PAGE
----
• Gauthier S.
      • Hecker J.
      • Vellas B.
      • Subbiah P.
      • Whalen E.
      • et al.
      A 24-week, randomized, double-blind study of donepezil in moderate to severe Alzheimer's disease.
      ,
      • Tariot P.N.
      • Cummings J.L.
      • Katz I.R.
      • Mintzer J.
      • Perdomo C.A.
      • Schwam E.M.
      • et al.
      A randomized, double-blind, placebo-controlled study of the efficacy and safety of donepezil in patients with Alzheimer's disease in the nursing home setting.
      ,
      • Burns A.
      • Rossor M.
      • Hecker J.
      • Gauthier S.
      • Petit H.
      • Moller H.J.
      • et al.
      The effects of donepezil in Alzheimer's disease—results from a multinational trial.
      ] and one assessing atypical antipsychotics [
      • Brodaty H.
      • Ames D.
      • Snowdon J.
      • Woodward M.
      • Kirwan J.
      • Clarnette R.
      • et al.
      A randomized placebo-controlled trial of risperidone for the treatment of aggression, agitation, and psychosis of dementia.
      ]) even roughly followed ICH guidelines for the definition of reported SAEs. These four trials included a total of only 1,653 patients or about 12% of the total of 13,311 patients in 33 studies.

      3.3 Harm reporting in relation to CONSORT recommendations

      Table 2 provides a summary of the data on the location of information on harm and harm topics covered in the 33 studies. The vast majority of papers—94% (31/33)—indicated in the title or abstract that the study specifically looked at harm by referring to the safety or tolerability of the study medication, although a smaller proportion 76% (25/33) explicitly mentioned the intention to assess harm in the introduction. Most studies—85% (28/33)—had some description of the collection of data on harm but only nine (27%) defined specific harm with attention to grading, expected vs. unexpected events with reference to standardized and validated definitions or clear description of new definitions. As noted above, these nine trials included four that used a version of the ICH definition of SAE. One-third of the trials did not have a clear description of the methods used to analyze the harm data. All the trials provided information on withdrawals and contained information that could be used to provide denominators for rates calculation. Information about the absolute risk of some measure of harm could be found in 29 (88%) of the trials, although subgroup analyses or exploratory analyses for harm were performed in only five (15%) of the trials. In 30 trials (91%), there was some exploration of harm as part of their discussion; however, it was often limited to one or two sentences.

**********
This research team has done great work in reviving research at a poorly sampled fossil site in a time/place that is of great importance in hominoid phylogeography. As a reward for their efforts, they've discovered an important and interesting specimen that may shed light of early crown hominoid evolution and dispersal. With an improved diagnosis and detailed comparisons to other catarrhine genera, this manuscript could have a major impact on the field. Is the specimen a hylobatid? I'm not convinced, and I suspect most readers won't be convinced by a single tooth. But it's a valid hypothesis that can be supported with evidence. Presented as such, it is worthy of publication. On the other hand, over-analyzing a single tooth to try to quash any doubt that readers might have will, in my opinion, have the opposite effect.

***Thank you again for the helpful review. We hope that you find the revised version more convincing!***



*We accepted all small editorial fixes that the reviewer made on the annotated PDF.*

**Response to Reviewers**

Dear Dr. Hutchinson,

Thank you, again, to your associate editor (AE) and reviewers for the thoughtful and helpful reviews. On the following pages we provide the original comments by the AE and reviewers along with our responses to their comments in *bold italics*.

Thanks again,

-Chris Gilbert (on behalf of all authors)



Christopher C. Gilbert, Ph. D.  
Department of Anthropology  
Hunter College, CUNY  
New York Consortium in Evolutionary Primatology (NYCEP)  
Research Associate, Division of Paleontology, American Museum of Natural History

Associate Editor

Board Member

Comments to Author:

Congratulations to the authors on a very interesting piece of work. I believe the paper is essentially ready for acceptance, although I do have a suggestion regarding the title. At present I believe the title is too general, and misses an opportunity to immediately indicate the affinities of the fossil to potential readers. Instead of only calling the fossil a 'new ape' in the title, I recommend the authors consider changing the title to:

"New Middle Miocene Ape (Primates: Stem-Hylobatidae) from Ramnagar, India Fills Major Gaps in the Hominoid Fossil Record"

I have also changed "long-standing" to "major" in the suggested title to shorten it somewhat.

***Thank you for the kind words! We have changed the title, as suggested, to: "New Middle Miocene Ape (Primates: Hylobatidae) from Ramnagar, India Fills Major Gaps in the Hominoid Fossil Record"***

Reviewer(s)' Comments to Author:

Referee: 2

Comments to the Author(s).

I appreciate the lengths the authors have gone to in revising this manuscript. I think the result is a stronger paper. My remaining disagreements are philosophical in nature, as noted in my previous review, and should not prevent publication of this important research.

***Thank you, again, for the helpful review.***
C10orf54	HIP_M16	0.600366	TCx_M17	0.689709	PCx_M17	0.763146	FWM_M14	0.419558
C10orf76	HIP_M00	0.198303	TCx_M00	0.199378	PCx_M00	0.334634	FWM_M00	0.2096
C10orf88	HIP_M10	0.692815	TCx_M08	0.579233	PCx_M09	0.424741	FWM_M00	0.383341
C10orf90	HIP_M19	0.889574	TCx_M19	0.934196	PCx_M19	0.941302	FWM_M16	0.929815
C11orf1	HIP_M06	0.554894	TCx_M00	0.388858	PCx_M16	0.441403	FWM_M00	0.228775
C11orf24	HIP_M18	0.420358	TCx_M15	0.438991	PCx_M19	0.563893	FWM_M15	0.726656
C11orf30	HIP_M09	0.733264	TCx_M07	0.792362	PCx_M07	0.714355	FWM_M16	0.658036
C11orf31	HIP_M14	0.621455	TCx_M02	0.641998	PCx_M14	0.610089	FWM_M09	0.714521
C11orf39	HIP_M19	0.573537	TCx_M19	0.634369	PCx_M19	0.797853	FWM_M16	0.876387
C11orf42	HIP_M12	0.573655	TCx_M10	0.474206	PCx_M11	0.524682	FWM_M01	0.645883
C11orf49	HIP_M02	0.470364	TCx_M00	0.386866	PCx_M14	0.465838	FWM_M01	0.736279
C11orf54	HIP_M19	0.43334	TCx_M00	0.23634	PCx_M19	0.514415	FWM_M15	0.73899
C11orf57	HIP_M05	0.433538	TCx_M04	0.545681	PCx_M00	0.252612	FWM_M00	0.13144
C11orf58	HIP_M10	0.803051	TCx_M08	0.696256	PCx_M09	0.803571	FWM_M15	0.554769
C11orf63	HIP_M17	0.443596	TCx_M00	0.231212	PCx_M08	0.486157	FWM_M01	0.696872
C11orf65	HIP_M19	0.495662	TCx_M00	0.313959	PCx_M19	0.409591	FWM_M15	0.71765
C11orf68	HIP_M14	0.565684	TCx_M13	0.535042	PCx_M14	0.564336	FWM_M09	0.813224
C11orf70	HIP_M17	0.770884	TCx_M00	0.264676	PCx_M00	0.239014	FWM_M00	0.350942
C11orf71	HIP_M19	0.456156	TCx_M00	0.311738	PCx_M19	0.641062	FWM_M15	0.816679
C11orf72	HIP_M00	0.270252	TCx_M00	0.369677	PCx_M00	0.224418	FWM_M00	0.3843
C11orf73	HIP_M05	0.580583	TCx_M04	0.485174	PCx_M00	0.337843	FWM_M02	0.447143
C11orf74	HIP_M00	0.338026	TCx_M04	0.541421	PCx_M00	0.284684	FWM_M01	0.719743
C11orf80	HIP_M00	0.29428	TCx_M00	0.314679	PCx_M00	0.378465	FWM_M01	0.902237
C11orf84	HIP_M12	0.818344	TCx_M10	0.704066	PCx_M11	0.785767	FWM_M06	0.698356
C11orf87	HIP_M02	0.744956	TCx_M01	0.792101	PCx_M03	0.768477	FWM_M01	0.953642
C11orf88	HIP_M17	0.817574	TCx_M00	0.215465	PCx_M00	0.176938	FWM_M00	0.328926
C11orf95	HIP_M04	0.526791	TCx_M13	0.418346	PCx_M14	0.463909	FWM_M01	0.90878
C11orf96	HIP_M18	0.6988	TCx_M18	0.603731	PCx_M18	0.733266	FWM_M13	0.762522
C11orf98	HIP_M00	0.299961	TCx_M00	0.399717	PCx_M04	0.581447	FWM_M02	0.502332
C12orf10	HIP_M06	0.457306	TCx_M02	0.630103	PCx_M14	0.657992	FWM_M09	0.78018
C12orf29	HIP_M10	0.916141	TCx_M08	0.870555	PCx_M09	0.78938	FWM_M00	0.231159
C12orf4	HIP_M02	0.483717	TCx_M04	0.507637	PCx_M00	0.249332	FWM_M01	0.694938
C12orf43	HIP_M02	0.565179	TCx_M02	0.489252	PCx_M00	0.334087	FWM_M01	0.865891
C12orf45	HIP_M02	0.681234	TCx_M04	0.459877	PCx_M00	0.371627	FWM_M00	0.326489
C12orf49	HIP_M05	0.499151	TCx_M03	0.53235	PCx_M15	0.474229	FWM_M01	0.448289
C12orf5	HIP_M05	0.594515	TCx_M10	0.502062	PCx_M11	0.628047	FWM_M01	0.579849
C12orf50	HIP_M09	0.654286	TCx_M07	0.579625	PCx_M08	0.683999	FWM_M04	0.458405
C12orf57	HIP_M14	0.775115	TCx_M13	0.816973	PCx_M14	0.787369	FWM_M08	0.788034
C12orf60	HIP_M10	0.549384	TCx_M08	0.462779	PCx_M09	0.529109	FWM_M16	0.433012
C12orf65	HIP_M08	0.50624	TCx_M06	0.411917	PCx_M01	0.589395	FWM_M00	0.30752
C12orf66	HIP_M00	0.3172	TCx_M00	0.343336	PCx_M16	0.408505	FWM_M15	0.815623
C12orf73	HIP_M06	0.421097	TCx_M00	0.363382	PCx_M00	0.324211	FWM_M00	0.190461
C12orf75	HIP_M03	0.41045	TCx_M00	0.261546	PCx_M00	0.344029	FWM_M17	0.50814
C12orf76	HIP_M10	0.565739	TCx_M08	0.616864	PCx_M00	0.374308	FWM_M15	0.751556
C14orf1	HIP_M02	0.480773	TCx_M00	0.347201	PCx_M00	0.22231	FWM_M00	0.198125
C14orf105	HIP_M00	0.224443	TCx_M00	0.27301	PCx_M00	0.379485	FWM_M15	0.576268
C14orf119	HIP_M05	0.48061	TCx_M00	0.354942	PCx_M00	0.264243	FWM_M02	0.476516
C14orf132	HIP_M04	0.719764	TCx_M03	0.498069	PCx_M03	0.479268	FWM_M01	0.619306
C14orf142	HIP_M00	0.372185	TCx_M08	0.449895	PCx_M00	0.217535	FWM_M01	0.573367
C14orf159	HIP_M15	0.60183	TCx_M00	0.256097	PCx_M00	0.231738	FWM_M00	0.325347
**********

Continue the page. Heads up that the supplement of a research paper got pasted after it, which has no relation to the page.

Table 2Format of harm reporting in relation to CONSORT recommendations for 33 RCT of drug treatments for older patients with dementia
      Location and topic of harm reportingNumber and (%) of trials fulfilling recommendation
      Title or Abstract—indication that harm examined31 (94)
      Introduction—statement that measuring harm is part of study25 (76)
      Methods—specific harm and adverse events well defined9 (27)
      Methods—description of harm collection28 (85)
      Methods—plan for analysis of harm22 (67)
      Results—data on withdrawals from study33 (100)
      Results—data on denominators for calculating harm rates33 (100)
      Results—data on absolute rates of harm or adverse events per arm and by type of harm29 (88)
      Results—subgroup or exploratory analysis for harm5 (15)
      Discussion—balanced discussion of harm including study limitations30 (91)

      4. Discussion

      4.1 Reporting of deaths and SAE

      Our analysis shows that in about 40% of the studies, there was no explicit data on deaths. In some of the publications, it might be possible for the reader to calculate or infer death rates. However, clear information on mortality should be a minimum requirement for any published trial and readers should not be required to infer or estimate mortality rates. In the event that there are no deaths encountered during the course of the trial, this should be clearly stated.